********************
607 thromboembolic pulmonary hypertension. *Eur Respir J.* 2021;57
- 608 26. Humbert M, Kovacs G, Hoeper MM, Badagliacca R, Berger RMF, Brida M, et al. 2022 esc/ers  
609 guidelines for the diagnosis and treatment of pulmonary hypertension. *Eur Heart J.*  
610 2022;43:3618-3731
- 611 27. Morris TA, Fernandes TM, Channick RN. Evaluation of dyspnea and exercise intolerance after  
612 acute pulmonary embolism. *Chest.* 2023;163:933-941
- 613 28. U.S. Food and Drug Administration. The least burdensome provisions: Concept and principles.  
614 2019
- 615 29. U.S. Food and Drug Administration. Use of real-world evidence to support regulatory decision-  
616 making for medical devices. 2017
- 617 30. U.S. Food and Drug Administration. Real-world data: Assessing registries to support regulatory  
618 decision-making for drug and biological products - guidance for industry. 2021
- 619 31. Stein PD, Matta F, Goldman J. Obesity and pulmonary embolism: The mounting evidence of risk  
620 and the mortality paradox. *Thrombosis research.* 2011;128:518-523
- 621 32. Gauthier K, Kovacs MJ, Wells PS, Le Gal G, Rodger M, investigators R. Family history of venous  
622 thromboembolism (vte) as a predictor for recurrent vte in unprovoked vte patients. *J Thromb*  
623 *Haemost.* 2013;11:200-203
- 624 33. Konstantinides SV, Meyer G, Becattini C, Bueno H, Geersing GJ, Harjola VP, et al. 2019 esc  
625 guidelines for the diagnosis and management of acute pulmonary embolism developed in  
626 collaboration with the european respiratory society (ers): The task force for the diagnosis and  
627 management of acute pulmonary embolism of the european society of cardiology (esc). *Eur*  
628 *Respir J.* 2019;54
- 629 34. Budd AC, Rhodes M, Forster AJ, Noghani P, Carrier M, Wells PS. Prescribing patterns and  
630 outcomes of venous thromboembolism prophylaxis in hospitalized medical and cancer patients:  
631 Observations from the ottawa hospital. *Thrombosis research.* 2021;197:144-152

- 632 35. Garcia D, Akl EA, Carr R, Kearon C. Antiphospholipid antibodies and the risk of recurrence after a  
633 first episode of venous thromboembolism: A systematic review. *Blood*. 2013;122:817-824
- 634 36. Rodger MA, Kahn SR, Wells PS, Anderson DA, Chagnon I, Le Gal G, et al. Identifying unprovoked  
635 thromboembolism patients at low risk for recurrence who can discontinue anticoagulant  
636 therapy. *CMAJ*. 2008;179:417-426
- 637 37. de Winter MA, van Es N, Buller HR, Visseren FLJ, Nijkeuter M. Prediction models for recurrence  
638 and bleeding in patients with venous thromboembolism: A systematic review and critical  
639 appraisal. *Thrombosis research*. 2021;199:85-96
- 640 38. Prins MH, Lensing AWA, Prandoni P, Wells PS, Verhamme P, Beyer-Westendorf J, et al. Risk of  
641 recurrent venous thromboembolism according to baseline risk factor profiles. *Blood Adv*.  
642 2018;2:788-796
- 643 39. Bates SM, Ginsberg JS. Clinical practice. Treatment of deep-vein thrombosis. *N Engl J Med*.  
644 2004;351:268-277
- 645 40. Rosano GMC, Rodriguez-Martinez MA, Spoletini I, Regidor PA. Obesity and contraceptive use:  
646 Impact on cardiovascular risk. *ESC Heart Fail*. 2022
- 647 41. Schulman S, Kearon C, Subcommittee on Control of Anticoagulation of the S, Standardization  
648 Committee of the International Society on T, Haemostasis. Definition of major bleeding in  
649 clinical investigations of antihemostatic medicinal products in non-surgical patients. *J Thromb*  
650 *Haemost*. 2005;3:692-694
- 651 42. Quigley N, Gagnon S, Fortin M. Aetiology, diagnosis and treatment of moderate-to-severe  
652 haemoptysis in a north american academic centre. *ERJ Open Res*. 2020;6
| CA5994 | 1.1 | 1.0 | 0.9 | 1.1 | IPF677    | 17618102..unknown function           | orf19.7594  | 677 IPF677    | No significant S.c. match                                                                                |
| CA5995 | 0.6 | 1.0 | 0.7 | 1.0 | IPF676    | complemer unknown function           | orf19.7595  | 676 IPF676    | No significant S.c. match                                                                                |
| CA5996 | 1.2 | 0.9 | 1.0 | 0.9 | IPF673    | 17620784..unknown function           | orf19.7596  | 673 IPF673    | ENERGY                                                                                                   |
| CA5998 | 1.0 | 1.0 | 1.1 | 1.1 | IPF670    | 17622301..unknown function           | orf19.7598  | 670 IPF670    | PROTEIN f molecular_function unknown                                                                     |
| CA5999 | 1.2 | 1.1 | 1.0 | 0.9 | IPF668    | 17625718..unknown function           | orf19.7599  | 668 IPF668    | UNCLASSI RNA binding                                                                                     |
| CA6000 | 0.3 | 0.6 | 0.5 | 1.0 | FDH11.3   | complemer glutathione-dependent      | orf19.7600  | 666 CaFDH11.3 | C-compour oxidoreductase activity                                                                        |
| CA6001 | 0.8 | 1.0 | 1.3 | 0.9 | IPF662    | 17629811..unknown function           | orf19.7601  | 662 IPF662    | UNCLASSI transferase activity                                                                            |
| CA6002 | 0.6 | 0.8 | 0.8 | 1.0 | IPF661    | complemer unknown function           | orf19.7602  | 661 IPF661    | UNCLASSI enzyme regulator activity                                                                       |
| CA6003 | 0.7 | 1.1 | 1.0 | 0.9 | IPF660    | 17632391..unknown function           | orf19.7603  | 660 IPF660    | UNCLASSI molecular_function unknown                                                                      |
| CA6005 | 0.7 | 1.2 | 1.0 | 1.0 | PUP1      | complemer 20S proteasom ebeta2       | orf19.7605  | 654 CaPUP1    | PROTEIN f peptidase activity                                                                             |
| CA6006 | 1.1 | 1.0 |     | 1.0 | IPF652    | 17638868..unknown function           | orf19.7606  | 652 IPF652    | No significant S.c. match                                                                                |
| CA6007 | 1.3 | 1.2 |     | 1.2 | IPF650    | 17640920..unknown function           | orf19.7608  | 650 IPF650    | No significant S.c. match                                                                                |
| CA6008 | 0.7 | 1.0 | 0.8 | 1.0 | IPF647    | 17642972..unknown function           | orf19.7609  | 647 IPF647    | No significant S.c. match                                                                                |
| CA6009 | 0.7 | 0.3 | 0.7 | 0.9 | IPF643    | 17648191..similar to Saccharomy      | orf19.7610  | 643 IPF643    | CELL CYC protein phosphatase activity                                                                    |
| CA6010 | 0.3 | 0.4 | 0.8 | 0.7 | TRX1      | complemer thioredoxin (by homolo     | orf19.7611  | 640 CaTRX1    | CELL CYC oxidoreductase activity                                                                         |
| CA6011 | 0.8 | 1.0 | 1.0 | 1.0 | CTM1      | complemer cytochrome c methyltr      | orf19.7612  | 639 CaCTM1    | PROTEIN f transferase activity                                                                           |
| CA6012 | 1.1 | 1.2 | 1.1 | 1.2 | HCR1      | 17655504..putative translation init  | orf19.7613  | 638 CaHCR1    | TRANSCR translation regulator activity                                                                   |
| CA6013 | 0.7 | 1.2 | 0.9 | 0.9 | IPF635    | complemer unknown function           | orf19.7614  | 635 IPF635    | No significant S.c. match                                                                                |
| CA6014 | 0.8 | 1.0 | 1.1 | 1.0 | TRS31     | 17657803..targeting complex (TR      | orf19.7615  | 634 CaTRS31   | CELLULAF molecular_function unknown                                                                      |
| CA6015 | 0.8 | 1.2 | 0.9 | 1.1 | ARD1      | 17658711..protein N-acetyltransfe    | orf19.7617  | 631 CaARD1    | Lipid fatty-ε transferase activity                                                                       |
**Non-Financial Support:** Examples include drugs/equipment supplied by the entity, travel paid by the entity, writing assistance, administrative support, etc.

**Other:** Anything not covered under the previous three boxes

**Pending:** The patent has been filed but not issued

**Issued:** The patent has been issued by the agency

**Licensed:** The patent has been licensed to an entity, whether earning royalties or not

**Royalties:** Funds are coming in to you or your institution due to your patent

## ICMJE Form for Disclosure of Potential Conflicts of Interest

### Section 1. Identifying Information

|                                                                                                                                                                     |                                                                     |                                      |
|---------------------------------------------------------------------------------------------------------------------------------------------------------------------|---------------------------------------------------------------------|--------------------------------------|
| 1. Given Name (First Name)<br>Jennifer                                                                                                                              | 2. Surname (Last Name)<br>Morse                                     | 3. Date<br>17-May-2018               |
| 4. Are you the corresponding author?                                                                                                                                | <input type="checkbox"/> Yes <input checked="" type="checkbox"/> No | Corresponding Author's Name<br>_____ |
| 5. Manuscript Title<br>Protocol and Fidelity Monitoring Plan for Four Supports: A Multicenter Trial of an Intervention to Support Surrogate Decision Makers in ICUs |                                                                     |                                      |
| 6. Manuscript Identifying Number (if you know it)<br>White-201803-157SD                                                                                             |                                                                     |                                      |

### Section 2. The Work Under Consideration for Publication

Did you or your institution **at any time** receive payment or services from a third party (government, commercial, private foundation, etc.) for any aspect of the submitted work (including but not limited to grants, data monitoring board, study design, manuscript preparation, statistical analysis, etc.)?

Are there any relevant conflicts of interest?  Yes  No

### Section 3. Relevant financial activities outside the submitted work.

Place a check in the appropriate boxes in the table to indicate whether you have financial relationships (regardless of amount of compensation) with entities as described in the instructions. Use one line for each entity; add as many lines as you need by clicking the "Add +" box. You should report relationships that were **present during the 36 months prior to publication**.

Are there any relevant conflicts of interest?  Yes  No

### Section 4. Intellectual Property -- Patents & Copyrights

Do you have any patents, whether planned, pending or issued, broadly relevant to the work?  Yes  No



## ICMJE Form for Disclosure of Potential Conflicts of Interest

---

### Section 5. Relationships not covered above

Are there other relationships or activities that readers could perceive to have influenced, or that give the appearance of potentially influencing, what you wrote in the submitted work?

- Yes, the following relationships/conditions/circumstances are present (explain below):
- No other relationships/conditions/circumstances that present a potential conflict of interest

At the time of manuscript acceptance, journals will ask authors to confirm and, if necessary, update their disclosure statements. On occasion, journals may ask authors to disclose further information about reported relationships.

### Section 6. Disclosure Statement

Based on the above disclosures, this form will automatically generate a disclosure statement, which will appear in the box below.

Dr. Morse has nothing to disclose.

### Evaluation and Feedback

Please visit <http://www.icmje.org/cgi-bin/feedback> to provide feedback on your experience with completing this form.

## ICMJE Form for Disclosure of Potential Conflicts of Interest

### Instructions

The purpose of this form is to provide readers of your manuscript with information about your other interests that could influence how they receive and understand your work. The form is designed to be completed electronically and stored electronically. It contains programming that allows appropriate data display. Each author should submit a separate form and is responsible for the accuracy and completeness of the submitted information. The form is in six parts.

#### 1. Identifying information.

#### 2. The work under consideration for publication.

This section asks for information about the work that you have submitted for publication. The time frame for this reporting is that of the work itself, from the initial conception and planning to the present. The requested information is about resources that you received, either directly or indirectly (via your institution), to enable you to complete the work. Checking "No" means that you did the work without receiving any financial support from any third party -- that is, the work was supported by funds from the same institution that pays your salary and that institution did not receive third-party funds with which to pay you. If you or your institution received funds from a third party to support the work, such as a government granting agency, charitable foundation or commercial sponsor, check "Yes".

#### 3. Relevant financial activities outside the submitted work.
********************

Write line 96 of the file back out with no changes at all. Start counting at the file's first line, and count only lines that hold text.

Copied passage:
### Section 6. Disclosure Statement